Assessing differences in self-reported dietary intake variables by weighed food records compared to weighed food records plus photos in post-menopausal women with healthy weight and with obesity

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The Ohio State University

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Background: Accurately assessing dietary intake is challenging. Photographic records may improve accuracy of dietary assessment, but evidence in older populations is limited. This research examined differences between dietary intake assessed using a weighed food record (WFR) versus a WFR plus photo record. Objective/Hypothesis: Determine if there is an added benefit to having participants provide photographic evidence of food intake along with a self-reported written weighed food record. Methods: Two days of WFRs with photos were collected from 15 postmenopausal women with BMI 18.5-24.9 kg/m2 and 15 with BMI ≥30 kg/m2. Two different researchers entered data into nutritional analysis software; one used WFRs with photos and one used the same WFRs without photos. Descriptive statistics and t-tests were used to evaluate differences between dietary assessment methods for nutrients of interest on day 1 and day 2 in all participants and by weight category. Results: Mean (SD) energy and added sugar intake on day 1 was 1822(607) kcal and 53.6(57.9)g respectively when estimated using WFRs without photos, and 1615(489) kcal and 40.5(28.9)g respectively when using WFRs with photos. Dietary assessment using WFRs alone tended to show greater intake for nutrients of interest; however, there were no statistically significant differences between dietary assessment methods for any variables tested (all p>0.05). Similarly, dietary assessment method did not result in significant differences (all p>0.05) in estimated intake of nutrients within weight categories (i.e. in women with healthy weight and women with obesity). Conclusions: Photographic records did not significantly change estimation of nutrient consumption in this sample of postmenopausal women. Therefore, eliminating photo records when assessing dietary intake of older women using WFRs may reduce subject burden without sacrificing accuracy. Additional research is needed to determine the utility of photos when less rigorous methods of dietary assessment, such as self-reported food diaries, are used.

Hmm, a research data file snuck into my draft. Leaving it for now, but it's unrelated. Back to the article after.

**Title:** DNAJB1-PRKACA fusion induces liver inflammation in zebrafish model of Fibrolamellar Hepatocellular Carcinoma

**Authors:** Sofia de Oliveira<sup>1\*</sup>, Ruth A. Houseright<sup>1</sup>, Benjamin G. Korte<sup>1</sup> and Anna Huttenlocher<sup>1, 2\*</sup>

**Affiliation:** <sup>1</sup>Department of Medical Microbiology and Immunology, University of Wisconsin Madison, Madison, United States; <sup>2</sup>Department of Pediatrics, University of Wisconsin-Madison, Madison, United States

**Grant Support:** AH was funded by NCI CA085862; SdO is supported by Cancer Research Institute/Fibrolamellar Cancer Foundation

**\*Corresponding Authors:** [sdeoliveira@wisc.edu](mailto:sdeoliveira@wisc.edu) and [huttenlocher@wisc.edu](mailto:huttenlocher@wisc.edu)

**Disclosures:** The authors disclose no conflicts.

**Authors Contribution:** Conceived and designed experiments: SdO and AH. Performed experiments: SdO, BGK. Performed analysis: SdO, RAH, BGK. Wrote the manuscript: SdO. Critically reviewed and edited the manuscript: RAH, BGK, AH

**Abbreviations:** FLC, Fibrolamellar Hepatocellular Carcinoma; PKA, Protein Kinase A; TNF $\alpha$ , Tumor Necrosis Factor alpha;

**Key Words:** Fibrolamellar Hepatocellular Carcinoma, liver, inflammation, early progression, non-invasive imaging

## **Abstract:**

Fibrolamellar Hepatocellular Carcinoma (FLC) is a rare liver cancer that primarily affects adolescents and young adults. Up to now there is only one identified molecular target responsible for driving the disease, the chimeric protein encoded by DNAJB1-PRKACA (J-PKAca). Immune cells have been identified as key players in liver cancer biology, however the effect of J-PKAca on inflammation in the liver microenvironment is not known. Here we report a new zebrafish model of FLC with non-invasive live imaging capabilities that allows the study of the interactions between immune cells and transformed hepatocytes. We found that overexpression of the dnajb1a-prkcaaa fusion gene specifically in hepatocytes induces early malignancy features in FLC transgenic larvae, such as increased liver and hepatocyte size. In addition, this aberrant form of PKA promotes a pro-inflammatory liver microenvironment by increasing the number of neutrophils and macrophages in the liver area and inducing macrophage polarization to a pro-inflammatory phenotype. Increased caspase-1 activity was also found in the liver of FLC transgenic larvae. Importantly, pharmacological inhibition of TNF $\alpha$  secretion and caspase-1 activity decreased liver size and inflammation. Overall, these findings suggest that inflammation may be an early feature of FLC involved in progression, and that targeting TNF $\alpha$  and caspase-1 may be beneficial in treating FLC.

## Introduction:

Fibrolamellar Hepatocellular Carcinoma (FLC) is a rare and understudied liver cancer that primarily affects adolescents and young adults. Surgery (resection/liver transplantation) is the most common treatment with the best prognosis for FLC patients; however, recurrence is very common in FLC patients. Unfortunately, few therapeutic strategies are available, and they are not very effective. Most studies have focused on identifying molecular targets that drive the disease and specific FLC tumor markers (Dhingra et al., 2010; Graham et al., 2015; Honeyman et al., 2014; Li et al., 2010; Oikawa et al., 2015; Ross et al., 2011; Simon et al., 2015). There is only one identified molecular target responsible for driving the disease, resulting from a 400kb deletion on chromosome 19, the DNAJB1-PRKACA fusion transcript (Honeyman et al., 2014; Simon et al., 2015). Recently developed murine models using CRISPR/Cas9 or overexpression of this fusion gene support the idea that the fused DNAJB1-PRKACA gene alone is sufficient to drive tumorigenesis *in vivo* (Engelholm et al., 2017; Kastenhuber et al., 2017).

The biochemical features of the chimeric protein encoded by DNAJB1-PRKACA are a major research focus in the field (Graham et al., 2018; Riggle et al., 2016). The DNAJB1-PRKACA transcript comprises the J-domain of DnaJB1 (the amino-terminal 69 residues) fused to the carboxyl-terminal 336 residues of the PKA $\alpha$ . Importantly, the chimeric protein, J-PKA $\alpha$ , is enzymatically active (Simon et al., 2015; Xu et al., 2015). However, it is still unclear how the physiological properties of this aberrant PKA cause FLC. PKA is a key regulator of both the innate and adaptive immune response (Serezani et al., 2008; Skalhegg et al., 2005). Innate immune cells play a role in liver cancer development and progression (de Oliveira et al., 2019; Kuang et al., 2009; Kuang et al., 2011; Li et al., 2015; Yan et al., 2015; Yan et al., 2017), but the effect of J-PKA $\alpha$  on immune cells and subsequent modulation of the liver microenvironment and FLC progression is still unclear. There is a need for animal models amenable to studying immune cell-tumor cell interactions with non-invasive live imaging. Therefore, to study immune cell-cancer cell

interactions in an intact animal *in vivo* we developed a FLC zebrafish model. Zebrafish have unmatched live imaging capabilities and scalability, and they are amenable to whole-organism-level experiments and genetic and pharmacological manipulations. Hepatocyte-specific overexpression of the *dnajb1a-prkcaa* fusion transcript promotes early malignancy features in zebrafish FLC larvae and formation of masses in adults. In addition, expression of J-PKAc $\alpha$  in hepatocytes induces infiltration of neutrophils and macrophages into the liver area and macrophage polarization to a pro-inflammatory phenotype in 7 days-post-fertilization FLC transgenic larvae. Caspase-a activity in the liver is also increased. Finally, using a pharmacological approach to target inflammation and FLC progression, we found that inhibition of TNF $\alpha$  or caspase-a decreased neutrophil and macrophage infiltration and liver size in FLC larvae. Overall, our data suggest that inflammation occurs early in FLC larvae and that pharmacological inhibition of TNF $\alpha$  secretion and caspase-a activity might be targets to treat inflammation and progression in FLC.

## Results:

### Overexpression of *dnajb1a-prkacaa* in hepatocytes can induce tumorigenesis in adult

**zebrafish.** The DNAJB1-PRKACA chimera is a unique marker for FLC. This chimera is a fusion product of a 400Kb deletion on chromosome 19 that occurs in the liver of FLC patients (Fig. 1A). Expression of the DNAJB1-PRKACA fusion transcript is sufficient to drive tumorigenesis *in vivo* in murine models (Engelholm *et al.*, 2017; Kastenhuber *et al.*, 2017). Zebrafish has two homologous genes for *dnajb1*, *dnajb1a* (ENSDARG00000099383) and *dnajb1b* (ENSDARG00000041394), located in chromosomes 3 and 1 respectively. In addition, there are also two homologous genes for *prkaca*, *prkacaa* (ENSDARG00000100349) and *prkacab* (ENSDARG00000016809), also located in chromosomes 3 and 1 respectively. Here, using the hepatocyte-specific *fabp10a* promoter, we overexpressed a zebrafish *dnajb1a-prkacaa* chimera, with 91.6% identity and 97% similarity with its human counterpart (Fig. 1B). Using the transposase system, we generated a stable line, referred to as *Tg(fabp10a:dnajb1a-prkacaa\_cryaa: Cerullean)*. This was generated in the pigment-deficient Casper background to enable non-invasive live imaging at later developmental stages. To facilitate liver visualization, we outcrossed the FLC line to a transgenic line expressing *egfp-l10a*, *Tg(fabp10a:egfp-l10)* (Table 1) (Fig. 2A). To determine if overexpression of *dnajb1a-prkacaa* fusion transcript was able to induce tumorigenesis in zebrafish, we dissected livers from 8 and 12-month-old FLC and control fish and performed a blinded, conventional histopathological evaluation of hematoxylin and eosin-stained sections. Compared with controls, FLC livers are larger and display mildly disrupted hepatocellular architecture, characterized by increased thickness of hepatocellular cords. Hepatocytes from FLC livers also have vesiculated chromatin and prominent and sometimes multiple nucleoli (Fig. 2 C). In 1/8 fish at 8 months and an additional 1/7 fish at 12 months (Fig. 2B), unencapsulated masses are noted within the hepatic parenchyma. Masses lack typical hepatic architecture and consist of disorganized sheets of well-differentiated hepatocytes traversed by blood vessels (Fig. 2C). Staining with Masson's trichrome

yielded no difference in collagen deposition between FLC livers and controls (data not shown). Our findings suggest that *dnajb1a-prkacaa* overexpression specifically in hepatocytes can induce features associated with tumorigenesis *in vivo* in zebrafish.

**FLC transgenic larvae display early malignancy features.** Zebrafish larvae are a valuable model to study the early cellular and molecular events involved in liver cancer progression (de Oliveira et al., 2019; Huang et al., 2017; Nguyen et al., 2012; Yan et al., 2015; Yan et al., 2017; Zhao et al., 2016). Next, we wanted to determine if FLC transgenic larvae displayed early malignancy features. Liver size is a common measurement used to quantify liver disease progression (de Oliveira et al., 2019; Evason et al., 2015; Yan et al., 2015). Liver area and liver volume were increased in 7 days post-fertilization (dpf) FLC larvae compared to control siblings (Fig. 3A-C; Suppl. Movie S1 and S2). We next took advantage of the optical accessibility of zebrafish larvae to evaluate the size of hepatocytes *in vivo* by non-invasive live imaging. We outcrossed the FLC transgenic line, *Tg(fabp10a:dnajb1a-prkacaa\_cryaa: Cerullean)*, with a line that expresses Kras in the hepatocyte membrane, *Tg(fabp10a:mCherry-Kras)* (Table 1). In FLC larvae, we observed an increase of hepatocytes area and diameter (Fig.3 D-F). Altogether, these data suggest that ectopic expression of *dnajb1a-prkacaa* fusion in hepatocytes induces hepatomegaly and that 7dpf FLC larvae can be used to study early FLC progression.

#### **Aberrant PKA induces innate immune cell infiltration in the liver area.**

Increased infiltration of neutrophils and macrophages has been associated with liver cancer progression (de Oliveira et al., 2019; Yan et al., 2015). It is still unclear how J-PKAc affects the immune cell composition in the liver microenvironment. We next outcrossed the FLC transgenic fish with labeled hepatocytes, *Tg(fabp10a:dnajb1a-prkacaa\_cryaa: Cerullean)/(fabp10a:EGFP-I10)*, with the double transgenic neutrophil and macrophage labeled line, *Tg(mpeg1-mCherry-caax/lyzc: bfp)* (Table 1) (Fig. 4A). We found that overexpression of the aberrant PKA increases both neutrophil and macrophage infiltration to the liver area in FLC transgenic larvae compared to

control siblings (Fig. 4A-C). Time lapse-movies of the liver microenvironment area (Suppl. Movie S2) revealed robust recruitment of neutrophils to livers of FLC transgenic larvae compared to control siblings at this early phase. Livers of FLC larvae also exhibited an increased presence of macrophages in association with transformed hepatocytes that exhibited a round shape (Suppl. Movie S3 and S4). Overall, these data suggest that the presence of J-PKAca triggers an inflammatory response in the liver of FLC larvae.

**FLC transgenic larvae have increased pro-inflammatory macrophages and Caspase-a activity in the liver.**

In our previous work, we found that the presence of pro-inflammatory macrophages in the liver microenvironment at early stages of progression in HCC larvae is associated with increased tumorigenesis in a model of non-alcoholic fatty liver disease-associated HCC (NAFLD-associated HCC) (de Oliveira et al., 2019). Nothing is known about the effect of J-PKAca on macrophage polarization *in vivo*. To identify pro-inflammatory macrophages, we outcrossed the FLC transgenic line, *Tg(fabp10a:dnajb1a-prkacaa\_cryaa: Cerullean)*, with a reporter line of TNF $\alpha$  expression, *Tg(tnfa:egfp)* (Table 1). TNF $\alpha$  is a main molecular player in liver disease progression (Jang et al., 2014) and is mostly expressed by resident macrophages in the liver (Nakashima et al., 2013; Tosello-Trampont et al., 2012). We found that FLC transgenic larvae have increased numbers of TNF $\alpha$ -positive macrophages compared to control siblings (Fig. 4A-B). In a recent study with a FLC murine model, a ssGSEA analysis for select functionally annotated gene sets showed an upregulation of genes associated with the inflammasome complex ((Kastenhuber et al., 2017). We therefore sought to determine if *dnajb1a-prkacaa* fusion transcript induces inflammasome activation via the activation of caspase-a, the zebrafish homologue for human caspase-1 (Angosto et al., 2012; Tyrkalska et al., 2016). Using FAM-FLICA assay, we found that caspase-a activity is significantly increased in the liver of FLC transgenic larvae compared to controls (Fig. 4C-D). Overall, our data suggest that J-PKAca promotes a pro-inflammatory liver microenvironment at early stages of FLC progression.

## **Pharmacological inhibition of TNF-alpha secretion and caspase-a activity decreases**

weighed food record, self-reported dietary intake, added sugar, photographic records